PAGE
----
Treat the project’s name with respect, and follow the project’s trademark and branding policy.
Don’t use the project’s name for things which are not related to nor supported by the project. In general, don’t introduce confusion about what the project’s name means and refers to. Also, don’t seize the project’s name in other public namespaces, e.g., in domain names, Twitter, GitHub, Slack, etc. (It is fine, however, to register the project’s name in a new namespace and then immediately donate control of that account to the project — that’s simply helping the project maintain its identity.)
TBD: [Your Project Here] needs a trademark policy, for this item to be effective. See the item Have and enforce a formal trademark and branding policy in the section Guidelines for the Open Source Project for more about this.
Don’t replace community infrastructure; instead, improve it.
For example, use the project’s discussion forums as specified in their charters, instead of setting up duplicate forums in a privately-controlled space that could potentially siphon off people from the project’s existing forums. I.e., don’t set up “walled gardens” that detract from public spaces. The same principle applies to other kinds of community infrastructure too, e.g. wikis, but we’ll use discussion forums as an example here.
It is fine to set up private forums that are specific to commercial offerings, especially where those offerings differ from what is available in the open source project (though see below about avoiding the “enterprise edition” trap). Discussion that is specific to a company’s commercial offering is only useful to that company’s customers. But do not try to discourage customers from making use of the project’s public forums when doing so would serve their needs.
A good way for a company to ensure compliance with this guideline is to link to the relevant project forums from the same places — and in comparable ways — that the company links to its product-specific forums. That way customers will be aware of all the options available to them and can choose the appropriate forum for their needs. It also means that customers’ questions, and the company’s or others’ responses to them, can contribute to the public store of knowledge about the project, which is an important way that commercial activity can support the long-term health of the project. Company representatives should include their affiliation in the support responses they make to customers or to anyone else; work the company performs publicly is still work that it did, and the company should get credit for its contributions.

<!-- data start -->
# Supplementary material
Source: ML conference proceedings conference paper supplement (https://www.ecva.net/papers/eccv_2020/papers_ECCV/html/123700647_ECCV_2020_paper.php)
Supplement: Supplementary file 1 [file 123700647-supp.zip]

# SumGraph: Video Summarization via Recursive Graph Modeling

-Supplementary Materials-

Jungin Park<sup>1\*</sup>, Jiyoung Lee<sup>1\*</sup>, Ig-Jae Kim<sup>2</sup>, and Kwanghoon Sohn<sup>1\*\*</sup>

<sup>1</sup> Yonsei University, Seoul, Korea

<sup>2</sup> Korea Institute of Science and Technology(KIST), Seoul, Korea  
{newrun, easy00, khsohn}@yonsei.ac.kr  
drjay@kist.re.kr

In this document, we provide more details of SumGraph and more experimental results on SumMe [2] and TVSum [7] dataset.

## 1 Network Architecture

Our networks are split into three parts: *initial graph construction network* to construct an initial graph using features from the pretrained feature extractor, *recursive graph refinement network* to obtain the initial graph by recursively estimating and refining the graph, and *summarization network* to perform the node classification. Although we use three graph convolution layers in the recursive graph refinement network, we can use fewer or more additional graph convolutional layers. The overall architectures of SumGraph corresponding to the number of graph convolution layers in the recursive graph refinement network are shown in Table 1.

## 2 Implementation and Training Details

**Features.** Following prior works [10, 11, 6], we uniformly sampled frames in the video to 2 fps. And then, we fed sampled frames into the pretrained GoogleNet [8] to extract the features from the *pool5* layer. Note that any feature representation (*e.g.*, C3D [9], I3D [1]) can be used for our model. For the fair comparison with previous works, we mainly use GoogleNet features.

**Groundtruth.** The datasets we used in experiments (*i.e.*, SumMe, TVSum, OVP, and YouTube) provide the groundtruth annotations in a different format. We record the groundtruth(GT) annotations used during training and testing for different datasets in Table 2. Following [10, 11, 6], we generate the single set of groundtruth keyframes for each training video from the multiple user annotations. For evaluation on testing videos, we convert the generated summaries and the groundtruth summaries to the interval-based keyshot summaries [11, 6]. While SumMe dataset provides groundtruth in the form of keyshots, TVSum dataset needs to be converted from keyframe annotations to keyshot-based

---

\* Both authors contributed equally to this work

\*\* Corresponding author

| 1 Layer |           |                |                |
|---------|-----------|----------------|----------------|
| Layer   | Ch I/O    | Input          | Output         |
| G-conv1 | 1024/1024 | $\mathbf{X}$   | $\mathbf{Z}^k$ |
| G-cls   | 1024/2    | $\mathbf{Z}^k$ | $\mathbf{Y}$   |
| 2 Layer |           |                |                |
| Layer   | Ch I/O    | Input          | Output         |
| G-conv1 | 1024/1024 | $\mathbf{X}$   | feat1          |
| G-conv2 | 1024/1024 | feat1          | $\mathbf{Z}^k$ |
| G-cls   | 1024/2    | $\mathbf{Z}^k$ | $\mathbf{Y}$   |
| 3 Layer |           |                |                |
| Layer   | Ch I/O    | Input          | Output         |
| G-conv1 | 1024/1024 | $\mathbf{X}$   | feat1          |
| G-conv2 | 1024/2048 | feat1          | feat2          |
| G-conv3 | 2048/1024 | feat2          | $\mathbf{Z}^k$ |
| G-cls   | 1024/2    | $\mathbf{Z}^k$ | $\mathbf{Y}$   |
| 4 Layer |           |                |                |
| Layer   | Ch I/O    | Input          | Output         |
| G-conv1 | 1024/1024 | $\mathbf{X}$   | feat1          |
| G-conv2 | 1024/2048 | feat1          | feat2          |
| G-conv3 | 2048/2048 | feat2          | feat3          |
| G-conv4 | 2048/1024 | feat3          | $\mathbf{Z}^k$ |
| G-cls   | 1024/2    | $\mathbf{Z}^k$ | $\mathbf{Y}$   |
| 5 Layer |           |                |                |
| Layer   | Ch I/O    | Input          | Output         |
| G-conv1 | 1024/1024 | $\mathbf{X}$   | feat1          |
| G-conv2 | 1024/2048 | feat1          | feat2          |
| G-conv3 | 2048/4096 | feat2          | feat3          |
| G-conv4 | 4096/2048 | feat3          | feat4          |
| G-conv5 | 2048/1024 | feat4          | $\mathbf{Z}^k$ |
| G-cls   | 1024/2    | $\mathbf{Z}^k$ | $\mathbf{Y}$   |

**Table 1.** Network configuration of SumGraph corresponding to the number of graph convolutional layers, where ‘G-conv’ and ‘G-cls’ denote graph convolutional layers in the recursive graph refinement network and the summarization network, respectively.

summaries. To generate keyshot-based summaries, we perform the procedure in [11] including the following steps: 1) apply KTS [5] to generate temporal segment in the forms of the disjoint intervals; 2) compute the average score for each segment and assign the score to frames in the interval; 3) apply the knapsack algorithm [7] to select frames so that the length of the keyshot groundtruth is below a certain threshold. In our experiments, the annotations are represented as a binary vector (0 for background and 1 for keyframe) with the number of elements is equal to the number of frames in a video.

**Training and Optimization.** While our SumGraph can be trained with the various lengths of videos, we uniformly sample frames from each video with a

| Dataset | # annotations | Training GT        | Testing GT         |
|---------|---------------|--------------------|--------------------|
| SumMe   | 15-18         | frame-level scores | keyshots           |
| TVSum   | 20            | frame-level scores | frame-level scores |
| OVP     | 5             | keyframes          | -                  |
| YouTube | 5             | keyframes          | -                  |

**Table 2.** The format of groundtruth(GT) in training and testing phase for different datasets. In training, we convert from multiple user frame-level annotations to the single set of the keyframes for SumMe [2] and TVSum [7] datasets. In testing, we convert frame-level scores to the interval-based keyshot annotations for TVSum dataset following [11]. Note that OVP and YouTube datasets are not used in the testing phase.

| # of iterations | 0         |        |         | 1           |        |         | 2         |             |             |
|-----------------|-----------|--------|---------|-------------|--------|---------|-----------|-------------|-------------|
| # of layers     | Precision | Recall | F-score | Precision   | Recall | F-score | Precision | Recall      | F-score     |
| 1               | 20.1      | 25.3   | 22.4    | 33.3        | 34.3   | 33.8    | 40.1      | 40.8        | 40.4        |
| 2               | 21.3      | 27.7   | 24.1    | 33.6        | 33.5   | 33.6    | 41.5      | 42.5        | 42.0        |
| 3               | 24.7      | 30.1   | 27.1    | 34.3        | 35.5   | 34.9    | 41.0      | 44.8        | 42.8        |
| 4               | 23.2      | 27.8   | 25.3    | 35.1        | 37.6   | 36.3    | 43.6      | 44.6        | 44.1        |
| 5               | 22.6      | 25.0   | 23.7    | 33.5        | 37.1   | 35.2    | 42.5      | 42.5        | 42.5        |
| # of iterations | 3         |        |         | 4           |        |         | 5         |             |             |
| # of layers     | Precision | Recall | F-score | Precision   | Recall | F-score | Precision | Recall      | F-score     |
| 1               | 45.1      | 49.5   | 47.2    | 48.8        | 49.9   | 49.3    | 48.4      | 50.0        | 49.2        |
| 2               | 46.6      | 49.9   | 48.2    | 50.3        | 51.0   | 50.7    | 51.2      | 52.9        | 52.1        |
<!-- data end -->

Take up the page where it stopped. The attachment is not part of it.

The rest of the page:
Label the company’s offerings in a way that makes their provenance clear, and that does not denigrate or diminish the open source project.
Specifically, do not label a proprietary offering as the “Commercial Edition” or “Enterprise Edition” of the project, especially not in contrast to a so-called “Community Edition” as a euphemism for the project’s open source code. That kind of marketing implies that the open source edition is somehow not commercial (which would be untrue, as the open source license explicitly allows commercial activity by anyone) or not enterprise-ready (unlikely to be true, but in any case ill-defined).
Instead, give the company’s offerings their own distinctive names. If those names incorporate the name of the project in some way, that may be fine so long as it complies with the project’s trademark guidelines. It is also fine to offer fact-based comparisons between the company’s proprietary offering and the stock open source version, or between this company’s offering and others’ proprietary offerings. Or if the offering is also open source software, but differs from the project’s offering in some significant way, explain that, and again make sure the company’s offering has a name that clearly distinguishes it from the code released by the project.
The purpose of this guideline is to help the company communicate clearly about what it offers, and to help potential customers understand what differentiates this company’s offerings from what is available elsewhere. There is nothing wrong with offering features not present in the project’s open source releases, or with making different configuration choices from the project’s defaults. Just describe the differences accurately and objectively. Mislabeling, whether accidental or deliberate, causes confusion and is bad for the project’s health.
Do not attempt to convert unofficial influence into claims of official control.
Even if the company is a major contributor to the open source project, do not conflate the project’s identity with the company’s. If a company with a well-established position in the project casts too large a shadow, that may discourage involvement from others.
For example, the company might have a number of employees as core committers in the project, and thus exercise a significant de facto influence over the project roadmap, simply by doing a lot of the work and participating actively in project development discussions. This is generally not a problem, as long as the company does not claim some official preferential position in project governance that it does not in fact hold.
In public forums, the company’s employees should behave like any other project participants.
While management hierarchy may be important internally to the company, it is irrelevant to the public open source project. For example, if the company assigns an employee specifically to work on the project, expect that employee’s contributions to still go through the usual review procedures, and expect that employee to gain commit access by the same route as anyone else would. Similarly, it is good practice for the company’s employees to hold design discussions or other technical discussions in the project’s public development forums, even if the employees normally sit in the same room and could discuss those things in person. The more they participate visibly in the project, the stronger the ties between the company and the project will be.
Contribute to public activity, and avoid converting public conversations to private ones.